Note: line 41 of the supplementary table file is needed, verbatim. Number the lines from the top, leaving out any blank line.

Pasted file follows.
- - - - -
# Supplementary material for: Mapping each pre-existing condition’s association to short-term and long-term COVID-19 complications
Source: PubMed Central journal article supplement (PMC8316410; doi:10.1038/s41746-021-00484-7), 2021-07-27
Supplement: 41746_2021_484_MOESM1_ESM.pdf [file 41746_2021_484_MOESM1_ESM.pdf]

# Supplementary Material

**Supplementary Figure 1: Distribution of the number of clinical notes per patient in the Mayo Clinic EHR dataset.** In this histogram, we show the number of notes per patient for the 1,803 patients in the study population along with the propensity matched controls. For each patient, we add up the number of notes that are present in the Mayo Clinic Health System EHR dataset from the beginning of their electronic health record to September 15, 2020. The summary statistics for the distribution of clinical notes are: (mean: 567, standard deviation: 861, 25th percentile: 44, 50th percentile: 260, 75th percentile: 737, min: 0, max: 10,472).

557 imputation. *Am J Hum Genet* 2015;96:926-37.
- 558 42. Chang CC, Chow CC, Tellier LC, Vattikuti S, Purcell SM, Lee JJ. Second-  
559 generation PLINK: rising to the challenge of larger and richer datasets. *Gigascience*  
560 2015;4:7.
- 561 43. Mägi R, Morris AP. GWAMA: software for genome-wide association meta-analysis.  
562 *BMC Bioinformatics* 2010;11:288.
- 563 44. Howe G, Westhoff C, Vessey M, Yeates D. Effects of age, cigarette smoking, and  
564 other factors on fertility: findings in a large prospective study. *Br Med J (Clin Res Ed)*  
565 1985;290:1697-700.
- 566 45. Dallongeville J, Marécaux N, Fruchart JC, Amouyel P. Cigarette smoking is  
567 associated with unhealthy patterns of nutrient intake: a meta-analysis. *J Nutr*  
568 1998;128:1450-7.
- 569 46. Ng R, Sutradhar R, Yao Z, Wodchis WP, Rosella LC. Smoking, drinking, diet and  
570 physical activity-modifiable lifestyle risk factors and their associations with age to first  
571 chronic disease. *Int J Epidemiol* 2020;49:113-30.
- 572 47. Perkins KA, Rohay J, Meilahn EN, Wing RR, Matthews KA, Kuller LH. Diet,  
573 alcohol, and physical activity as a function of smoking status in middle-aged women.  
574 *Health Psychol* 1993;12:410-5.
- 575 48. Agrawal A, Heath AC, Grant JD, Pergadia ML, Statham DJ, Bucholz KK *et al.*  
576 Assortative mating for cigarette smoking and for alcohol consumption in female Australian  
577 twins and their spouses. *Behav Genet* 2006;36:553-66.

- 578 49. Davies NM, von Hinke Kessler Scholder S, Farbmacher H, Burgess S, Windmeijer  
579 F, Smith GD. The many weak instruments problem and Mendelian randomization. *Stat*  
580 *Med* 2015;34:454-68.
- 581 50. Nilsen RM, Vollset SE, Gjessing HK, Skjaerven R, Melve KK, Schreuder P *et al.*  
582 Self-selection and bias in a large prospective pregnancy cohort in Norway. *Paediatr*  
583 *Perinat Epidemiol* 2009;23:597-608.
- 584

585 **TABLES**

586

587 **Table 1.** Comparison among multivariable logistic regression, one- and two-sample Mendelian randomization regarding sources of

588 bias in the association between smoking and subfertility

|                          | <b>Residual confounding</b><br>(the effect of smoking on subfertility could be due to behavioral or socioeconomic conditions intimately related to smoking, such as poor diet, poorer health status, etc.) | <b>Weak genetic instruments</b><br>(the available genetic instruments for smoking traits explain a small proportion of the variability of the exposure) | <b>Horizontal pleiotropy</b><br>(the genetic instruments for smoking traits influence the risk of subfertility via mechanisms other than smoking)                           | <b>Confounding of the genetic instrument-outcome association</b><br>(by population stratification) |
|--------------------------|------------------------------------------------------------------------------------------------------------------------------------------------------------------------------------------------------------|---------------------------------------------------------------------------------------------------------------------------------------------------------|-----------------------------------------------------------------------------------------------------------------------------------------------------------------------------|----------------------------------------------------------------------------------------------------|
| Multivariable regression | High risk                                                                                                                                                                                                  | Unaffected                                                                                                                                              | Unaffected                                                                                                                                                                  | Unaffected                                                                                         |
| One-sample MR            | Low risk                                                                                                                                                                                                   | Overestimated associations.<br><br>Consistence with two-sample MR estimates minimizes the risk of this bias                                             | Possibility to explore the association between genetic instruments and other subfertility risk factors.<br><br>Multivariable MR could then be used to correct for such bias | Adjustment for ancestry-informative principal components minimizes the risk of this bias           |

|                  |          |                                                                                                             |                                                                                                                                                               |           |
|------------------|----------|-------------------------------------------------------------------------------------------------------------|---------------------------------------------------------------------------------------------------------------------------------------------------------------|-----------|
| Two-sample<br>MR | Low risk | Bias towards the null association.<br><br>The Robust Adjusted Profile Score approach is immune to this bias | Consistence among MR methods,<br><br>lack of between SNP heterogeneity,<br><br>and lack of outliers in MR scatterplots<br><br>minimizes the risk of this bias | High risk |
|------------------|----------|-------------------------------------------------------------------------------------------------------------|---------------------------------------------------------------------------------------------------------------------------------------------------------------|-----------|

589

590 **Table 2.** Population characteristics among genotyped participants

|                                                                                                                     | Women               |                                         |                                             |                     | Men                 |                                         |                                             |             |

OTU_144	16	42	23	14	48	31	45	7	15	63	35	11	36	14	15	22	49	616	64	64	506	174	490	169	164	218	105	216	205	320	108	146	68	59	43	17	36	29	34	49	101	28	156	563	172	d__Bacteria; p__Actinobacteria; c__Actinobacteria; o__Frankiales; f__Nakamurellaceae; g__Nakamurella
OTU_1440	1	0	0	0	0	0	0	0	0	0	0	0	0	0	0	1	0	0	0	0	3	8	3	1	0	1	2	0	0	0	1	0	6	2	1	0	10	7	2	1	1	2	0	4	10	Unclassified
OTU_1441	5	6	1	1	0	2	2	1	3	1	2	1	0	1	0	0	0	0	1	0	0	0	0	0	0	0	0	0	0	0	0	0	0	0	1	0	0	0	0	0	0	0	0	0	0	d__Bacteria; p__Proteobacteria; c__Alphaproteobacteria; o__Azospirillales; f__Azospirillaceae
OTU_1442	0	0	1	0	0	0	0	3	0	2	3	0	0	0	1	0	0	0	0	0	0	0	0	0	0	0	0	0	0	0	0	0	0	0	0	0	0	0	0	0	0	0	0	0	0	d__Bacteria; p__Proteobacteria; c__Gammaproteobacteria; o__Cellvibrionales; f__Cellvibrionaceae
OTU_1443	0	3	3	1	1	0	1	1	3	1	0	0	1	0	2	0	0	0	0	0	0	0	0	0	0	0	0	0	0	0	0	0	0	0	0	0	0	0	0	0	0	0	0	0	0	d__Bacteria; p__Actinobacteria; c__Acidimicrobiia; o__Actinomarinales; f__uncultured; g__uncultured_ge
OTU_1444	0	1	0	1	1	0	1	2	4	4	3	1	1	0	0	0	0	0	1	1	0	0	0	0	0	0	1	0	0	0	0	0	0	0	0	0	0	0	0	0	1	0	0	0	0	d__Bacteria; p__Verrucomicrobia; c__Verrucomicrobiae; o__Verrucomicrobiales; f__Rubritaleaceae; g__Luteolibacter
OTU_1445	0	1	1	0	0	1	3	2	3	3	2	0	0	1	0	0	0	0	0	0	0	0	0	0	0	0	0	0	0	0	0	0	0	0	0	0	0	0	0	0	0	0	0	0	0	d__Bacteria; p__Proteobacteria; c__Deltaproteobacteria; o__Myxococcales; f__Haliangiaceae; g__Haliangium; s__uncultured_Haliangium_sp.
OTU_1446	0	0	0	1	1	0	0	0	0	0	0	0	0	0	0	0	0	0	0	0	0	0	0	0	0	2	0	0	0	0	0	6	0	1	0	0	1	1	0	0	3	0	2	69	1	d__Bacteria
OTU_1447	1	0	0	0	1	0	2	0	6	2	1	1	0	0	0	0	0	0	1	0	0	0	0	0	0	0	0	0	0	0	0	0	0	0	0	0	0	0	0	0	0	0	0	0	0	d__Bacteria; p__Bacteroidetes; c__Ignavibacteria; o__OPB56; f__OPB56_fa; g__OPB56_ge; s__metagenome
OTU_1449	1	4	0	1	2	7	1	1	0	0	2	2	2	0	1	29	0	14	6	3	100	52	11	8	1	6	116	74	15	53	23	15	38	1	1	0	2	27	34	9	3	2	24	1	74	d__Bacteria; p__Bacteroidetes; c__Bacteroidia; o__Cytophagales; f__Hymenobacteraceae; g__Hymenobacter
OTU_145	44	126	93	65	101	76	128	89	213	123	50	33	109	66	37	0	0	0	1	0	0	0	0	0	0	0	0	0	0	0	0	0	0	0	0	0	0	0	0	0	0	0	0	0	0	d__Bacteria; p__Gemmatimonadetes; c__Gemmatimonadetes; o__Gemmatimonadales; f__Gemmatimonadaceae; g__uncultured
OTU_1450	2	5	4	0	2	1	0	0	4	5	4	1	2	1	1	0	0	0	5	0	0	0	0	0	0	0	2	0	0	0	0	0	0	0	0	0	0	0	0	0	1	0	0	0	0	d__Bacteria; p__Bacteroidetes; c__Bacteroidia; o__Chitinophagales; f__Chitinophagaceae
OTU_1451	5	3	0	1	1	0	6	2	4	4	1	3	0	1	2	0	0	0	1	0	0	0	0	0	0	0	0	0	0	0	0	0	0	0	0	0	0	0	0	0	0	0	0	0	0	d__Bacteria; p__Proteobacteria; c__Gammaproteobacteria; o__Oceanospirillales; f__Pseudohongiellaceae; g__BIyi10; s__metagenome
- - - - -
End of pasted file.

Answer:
| One-sample MR            | Low risk                                                                                                                                                                                                   | Overestimated associations.<br><br>Consistence with two-sample MR estimates minimizes the risk of this bias                                             | Possibility to explore the association between genetic instruments and other subfertility risk factors.<br><br>Multivariable MR could then be used to correct for such bias | Adjustment for ancestry-informative principal components minimizes the risk of this bias           |